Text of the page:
March 5, 2012 Time Cover Illustration (U.S. only) as it arrived in the mail.

What's wrong with this picture?

Near the end of February 2012, millions of Americans criticized a congressional committee for hearing a panel of witnesses on health care coverage of contraceptives and religious freedom that did not include any women.

But is that so unusual? Women are not well-represented in the U.S. Congress, but further, women are drastically and regularly under-represented in the news media, both as journalists and as subjects.

Take for example the picture above. This is how the March 5th, 2012 Time Magazine cover appeared to a subscriber who received it in the mail. At a glance, it appears to show 6 latina women and 12 latino men. The subject is who will decide the next presidential election. Why are there twice as many men as women?

Were they short on portraits of women, I wondered? Nope. Marco Grob photographed more than 150 latinos for this piece. The interior photo spread had an equal number of men and women. Perhaps there are fewer female than male latinos in the US, I thought. So I checked the 2011 U.S. Census. Our hispanic population is roughly 48% female. So that wasn't it, either.

In the complete illustration, in fact, there are 9 women and 11 men. The two faces that are covered by the postal address are female, and there is one face that turns out to be female on close examination, though the short hair and bow tie initially gave me the impression of maleness. Here is the complete illustration, without address label:

March 5, 2012 Time Cover Illustration (U.S. only)

The cover designer knew, of course, which portion of the cover would be obscured by the address. On a normal basis nothing important is put in that area of the illustration. (It's not even an adress label; the address and other information in that block are printed directly onto the cover, so the location is completely consistent.)

So was the cover designer trying to give subscribers the subconscious impression that latino men are more influential in the 2012 presidential election than women? I don't know. But here's another fact for you: this is the first time a grown woman has appeared on the cover of Time (a weekly magazine) since the November 7, 2011 issue, which profiled Hilary Clinton. The October 31 issue shows an Asian woman blowing a huge bubblegum bubble, meant to represent the China bubble. Before that, the last time a woman was on the cover was when a female war veteran posed with four male veterans for the cover of the August 29 issue. So in the previous six months, only two women made the cover, one of whom was a nameless model whose pursed red lips are blowing a huge pink bubble. So maybe we should be grateful for the lovely portaits of multiple women on the March 5 cover.

(You don't have to take my word for it. You can browse the Time Magazine cover archive and look for yourself.)

While you're at it, look for women's names on the cover. There have been 7 in 6 months. Hilary Clinton, Tilda Swinton, Paula Deen, Chelsea Handler, and, appearing a couple times, economics columnist Rana Foroohar, the only female author who has been credited on the cover in the last 6 months. Oh, and Adele and Ellie Goulding, whose names appear over and over in small text in the background of the "2012 User's Guide" cover in January, along with the names of four men, and a number of headline-type phrases.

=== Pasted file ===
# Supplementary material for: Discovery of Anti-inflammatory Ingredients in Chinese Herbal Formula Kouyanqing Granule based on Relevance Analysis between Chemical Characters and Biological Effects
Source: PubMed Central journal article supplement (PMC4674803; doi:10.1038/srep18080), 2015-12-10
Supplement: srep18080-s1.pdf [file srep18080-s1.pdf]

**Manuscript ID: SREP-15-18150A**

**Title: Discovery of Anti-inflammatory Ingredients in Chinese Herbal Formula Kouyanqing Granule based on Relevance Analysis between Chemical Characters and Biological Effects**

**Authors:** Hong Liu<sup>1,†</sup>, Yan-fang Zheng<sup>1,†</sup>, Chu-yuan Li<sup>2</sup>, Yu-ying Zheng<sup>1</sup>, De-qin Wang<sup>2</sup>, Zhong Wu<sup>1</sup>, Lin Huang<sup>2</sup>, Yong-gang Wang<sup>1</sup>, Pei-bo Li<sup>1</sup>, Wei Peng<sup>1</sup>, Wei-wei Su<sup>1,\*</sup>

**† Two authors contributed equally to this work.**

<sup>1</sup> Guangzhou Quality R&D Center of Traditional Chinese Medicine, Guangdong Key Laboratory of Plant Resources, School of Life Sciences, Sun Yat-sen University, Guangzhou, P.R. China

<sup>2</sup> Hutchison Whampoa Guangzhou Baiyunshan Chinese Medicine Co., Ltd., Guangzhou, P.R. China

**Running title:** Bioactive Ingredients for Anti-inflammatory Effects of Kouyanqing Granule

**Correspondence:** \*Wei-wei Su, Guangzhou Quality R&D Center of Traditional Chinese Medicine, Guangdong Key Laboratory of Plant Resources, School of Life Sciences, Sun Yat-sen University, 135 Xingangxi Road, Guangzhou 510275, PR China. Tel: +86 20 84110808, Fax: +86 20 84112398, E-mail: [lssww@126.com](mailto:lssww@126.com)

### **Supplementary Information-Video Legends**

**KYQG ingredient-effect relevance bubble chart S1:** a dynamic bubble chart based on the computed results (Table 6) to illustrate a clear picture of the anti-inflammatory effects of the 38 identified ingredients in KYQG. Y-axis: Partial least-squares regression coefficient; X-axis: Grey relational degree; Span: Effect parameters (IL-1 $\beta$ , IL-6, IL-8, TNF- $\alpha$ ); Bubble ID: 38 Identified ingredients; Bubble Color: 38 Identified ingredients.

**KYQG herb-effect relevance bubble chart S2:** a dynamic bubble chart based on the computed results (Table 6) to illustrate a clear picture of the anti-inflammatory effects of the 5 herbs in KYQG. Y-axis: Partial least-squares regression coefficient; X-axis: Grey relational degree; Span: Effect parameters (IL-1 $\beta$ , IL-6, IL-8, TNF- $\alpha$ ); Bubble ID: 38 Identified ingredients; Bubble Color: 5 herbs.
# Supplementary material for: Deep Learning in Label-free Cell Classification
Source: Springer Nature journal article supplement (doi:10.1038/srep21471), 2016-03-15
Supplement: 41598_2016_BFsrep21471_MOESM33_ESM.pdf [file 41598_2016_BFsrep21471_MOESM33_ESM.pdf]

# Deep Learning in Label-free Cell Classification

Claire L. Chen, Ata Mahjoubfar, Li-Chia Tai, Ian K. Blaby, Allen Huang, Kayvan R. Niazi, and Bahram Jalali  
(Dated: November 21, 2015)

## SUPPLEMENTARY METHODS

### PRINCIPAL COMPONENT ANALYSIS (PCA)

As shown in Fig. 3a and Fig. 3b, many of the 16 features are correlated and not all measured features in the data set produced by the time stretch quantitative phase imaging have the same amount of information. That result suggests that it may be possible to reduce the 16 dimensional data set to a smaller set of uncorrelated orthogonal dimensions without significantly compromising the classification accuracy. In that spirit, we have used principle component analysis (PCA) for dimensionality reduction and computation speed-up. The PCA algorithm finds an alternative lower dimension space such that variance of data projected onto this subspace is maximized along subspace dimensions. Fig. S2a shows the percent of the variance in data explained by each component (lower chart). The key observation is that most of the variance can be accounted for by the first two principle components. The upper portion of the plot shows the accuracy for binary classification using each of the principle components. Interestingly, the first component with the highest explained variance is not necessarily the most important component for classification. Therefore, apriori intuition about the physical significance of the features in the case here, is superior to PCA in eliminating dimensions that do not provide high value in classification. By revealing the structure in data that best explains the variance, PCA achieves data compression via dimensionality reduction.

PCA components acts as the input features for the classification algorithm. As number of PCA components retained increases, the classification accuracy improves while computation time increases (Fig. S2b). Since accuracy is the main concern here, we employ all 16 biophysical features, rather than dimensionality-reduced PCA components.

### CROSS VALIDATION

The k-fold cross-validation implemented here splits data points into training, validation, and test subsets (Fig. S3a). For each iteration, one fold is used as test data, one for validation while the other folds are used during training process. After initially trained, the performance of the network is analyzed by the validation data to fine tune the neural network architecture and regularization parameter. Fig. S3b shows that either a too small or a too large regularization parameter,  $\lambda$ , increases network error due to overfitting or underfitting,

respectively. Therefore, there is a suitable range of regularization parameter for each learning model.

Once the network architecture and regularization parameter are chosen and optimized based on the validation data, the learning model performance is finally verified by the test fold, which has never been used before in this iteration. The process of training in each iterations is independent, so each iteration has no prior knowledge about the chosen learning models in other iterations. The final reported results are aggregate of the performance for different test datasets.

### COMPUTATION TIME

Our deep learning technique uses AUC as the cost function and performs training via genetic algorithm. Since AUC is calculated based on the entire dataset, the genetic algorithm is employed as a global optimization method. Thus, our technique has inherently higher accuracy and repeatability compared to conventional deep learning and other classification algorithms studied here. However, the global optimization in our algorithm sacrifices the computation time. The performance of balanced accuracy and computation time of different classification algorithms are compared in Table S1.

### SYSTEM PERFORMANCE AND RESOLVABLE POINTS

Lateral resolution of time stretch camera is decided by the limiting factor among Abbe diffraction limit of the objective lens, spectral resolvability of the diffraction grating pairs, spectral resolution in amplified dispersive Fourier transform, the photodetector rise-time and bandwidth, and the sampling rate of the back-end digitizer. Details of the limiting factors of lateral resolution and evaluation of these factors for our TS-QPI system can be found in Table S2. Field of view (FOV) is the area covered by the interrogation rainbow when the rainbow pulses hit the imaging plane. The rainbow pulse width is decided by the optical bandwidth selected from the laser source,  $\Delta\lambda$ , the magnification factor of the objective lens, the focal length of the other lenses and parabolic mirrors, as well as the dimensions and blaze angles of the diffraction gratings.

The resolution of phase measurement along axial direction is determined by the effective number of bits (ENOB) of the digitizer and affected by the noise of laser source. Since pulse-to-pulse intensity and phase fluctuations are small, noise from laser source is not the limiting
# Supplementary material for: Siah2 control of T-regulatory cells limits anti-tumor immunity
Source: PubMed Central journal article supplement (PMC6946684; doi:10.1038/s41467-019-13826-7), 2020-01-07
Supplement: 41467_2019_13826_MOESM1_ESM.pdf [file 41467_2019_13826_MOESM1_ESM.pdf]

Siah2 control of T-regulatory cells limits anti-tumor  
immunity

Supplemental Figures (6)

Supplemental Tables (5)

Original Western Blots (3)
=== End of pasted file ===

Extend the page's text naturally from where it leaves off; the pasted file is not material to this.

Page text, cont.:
Well, ok, but the cover has a lot of prominence. What about inside the issue? Well, the March 5th 2012 issue begins, as nearly every weekly issue does, with the Briefing page, a collection of quotes, images, and factoids from the previous week's stories. This week that page names 8 men and shows images of 4 of them. No women are quoted, mentioned by name, or pictured on the page. This is not unusual. In a survey of Time magazine from mid-August 2011 to today, I found that most of the time that page names 5-10 men and 0-2 women. In 7 issues during those 6 months, no women were mentioned in the Briefing text at all. There were never fewer than 4 men named on the Briefing page in the same time period.

Well, I shouldn't say women weren't mentioned all of those 7 weeks. On January 23rd one of the all-male quotes was from Stephen Hawking, declaring, "Women. They are a complete mystery." And this week (March 5) one of the money quotes was from the lawyer of a beleaguered former bureaucrat; "I challenge you to distinguish a naked prostitute from any other naked woman."

I could go on (in fact I plan to when I get the chance to collate more data), but that snapshot might give you something to chew on. How do your favorite magazines (or websites/newspapers/etc) rate? Do they quote, name, and show women in their news coverage? And how much, in comparison to men? Women are doing amazing things all the time in the world, and in this country. They have opinions that matter, and do and say things I think people should hear about. But you wouldn't get that impression by reading the news. At least not if you're reading Time magazine.

As for coverage of the religious freedom and birth control issue, last week Time ran a piece on the subject by a conservative male commentator who posited that religious freedom was more important than medical coverage. I wrote in to complain about the lack of commentary by women. I imagine others did too, though it's hard to tell; there is no letters section in the March 5th issue. However, there were a few women polled on the subject, at least in Joel Stein's "The Awesome Column". The lack of female voices in U.S politics is apparently comedy gold. News? Not so much.

—Anne Gray